07/06/2005 - 22:00

Take a deep breath and relax, everyone

07/06/2005 - 22:00


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Last week I was going to air my personal views on the Schapelle Corby case following her conviction for drug trafficking in Bali.

Last week I was going to air my personal views on the Schapelle Corby case following her conviction for drug trafficking in Bali.

I held off because I couldn’t really see how my thoughts related to the business community.

A tragic case? Yes. A key issue for business? No.

I am glad I held back because the events of the past week have changed the importance of this matter to one that has some significance to people in business.

The emotional outpourings of support for Corby and the amateur acts of terrorism that appear to have followed this national unrest risk damaging our relationship with Indonesia, just as things were starting to improve following Australia’s decisive role in the tsunami relief effort.

Don’t get me wrong. I don’t think we should be constrained as a nation because of trade issues.

I am simply astounded by the irrational behaviour prompted by this case, even before the verdict was brought down.

Underneath the anger and emotion that boiled over is a real fear in all of us that we might one day arrive in a foreign airport and find ourselves wrongly accused of smuggling drugs – either through a set-up or by accident.

We all know how little sympathy we would get at our destination and how even people back home might doubt our story. It is hard to imagine how powerless you can become when you are the subject of another country’s legal systems and processes, as I am sure refugees in Australia have come to understand.

Allegations, such as those against Corby, are hard to defend at the best of times, let alone in a jurisdiction where the assumption of innocence may not be as firmly held as here.

That fear has been played upon in recent months, firstly by Corby’s friends and relatives and, more recently, by mainstream press sensing a damn good story.

It has been disappointing to witness the hysteria, which as the ABC’s Media Watch television program summed up some time ago has been unhelpful to the Corby defence.

For once, the only people who have come out of this looking good are the politicians who have been a little more cautious than usual in their use of such an issue, entangled in xenophobia as it is, for their own gain. I guess there simply isn’t an election on.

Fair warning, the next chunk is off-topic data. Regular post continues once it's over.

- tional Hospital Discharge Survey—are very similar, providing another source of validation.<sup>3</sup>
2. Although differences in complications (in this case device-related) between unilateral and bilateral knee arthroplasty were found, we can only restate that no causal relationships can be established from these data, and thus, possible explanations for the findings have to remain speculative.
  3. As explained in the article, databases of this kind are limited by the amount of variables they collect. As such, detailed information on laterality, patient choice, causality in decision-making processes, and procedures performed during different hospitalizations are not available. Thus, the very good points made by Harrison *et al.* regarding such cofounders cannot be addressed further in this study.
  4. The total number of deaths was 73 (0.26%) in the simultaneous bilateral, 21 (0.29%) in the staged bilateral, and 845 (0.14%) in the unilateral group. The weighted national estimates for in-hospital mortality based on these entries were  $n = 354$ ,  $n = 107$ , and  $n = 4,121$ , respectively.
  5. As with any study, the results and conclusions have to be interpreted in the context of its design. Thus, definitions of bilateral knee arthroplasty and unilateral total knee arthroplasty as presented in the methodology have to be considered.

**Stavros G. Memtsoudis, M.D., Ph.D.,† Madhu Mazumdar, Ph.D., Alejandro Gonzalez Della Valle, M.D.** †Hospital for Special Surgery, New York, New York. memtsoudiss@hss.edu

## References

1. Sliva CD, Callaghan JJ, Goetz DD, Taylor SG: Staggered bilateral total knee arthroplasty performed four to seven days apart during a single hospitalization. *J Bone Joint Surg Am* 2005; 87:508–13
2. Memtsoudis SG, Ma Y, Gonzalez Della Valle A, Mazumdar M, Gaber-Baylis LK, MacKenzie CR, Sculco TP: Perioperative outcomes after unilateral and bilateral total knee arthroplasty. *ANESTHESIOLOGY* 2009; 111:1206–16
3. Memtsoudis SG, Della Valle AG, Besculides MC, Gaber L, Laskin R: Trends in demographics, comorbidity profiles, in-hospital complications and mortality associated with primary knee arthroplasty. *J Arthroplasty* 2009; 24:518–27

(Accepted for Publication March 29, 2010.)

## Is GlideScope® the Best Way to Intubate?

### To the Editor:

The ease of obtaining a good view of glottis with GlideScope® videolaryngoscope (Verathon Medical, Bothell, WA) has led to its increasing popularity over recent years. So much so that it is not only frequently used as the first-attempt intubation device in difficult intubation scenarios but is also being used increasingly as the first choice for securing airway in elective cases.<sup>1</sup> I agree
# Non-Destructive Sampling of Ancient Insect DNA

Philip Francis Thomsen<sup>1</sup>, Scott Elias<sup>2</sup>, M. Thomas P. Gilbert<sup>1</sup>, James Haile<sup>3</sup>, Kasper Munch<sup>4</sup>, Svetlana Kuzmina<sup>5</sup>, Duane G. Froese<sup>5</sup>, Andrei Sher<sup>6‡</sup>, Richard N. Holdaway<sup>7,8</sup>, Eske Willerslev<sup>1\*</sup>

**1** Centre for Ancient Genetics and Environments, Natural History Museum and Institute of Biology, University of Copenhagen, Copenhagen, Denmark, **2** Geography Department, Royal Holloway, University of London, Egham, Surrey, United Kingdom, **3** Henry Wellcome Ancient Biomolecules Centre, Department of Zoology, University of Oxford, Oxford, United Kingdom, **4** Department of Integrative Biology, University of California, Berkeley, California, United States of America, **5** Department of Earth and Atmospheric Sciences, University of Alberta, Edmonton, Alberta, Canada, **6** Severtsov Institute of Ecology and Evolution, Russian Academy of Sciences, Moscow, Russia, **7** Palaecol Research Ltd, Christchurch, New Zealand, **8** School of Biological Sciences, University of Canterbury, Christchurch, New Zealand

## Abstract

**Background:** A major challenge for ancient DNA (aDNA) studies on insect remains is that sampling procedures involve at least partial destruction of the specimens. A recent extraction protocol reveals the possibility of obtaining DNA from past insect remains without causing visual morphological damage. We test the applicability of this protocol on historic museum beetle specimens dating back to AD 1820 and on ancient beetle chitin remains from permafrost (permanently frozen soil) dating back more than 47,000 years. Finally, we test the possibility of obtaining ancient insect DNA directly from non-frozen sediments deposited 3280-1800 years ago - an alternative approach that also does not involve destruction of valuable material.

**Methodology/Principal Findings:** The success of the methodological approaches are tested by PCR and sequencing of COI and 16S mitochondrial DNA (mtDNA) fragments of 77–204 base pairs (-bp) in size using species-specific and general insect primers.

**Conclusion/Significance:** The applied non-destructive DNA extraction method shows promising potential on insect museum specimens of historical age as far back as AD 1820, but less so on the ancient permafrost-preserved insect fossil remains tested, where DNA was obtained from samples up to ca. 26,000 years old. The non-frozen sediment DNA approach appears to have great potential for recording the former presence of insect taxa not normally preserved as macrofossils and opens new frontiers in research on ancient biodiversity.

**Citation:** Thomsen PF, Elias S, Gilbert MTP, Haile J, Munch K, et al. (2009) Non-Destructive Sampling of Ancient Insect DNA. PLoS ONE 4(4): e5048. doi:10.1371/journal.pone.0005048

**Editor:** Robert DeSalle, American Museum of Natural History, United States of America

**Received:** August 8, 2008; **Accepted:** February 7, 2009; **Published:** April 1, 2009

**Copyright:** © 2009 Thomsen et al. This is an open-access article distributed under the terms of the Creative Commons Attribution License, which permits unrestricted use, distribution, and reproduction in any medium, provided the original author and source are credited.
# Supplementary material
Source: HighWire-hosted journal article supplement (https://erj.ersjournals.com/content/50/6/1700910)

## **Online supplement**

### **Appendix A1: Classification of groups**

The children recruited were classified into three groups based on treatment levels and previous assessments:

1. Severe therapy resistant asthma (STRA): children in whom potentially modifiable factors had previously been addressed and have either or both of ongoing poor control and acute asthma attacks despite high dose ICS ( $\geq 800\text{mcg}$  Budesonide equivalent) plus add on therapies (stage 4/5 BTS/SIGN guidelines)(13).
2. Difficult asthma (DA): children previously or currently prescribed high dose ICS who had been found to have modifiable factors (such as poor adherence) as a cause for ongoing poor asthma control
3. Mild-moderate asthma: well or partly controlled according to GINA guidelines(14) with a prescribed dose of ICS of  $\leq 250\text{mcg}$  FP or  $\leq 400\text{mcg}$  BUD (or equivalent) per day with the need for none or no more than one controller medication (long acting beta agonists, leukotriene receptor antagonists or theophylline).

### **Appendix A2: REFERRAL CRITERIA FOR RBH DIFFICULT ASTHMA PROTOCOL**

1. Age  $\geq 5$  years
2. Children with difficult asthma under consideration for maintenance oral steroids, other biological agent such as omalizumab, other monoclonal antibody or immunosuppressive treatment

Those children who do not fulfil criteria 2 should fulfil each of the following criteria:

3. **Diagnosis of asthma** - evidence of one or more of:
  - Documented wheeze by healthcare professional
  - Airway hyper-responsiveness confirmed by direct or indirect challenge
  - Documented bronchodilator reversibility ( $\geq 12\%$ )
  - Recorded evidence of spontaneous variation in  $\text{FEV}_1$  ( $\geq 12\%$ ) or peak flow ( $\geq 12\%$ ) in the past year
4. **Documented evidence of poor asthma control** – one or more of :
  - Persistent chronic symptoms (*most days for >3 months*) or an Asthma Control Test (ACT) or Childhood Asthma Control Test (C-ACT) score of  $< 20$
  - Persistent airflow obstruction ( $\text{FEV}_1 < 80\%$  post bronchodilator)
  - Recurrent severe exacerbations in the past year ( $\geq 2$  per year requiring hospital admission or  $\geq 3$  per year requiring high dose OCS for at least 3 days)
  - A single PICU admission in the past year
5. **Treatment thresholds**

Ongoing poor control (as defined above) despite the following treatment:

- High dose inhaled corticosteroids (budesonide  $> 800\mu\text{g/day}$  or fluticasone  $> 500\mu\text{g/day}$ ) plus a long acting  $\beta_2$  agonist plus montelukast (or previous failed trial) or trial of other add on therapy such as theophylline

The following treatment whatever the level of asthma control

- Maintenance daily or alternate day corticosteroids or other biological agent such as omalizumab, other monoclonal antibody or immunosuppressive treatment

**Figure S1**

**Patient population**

The pollies, for once, are right, though they could be a little louder in their commitment.

Ranting and raving and apportioning wholesale blame to Indonesia’s justice system or its acknowledged corruption is simply inflaming the situation, initially for Corby herself and increasingly to others, including business which would like to get closer to this market as it matures.

As for the crime itself, I admit I have reservations.

Does anyone really smuggle drugs into Bali? It would be a naïve thing to do, though I must admit I have met Australian travellers who have bought gold and opals in Asia in the ridiculous hope that they could make money from their sale back home.

However, even if Corby has been wrongly convicted of this crime, I can’t help feeling that her own connections in Australia might not somehow be the root cause of her calamity, rather than the Indonesians.

It has been reported that people close to her, including some linked to her vocal supporter base, have crime-related pasts.

This in itself does not mean guilt by association, but I can’t help wondering if her tribulations might not have something to do with these connections.

There is certainly plenty of doubt in my mind about her innocence, or at least doubt about the argument that the drugs found in her possession were entirely unlinked to her, even if she was an unwitting courier.

Perhaps Australians have been too quick to assume somehow that Indonesians are the only ones who are corrupt.

Whatever the case, this matter has wrongly fanned the flames of ill-directed national fervour and, what’s worse, prodded the irrational and deranged to commit criminal acts that will be used by other xenophobes to chip away at Australia’s reputation as a stable and tolerant bastion of freedom.

Indonesia is not perfect by any means and its justice system has big flaws, but we need at least to let justice take its course before hysteria sets in.

Just as we judge places such as Indonesia on the actions of a few lunatics – it’s worth remembering that can work in reverse.

Indonesia’s justice system may to many in Australia appear inconsistent in its rulings and application of the law, but we must remember it’s Indonesian law, not Australian law. We therefore need to be rational about how we deal with such a system.

By all means let’s fund Corby’s appeal and truly test the legal process there, but for the sake of good neighbourly relations let’s have some dignity about how we go about it.

The politics of the approvals process

Speaking of justice, there is a fascinating analysis of contrasts in development approval by the State Government on page 5.

Journalist Mark Beyer rightly points to the lenient application of approval when it comes to a coal-fired power station compared with brickworks connected to a construction magnate disliked by the Government and its mates in the union movement. It is interesting to note that this contrast exacerbates the perception that ideology is hindering due process.


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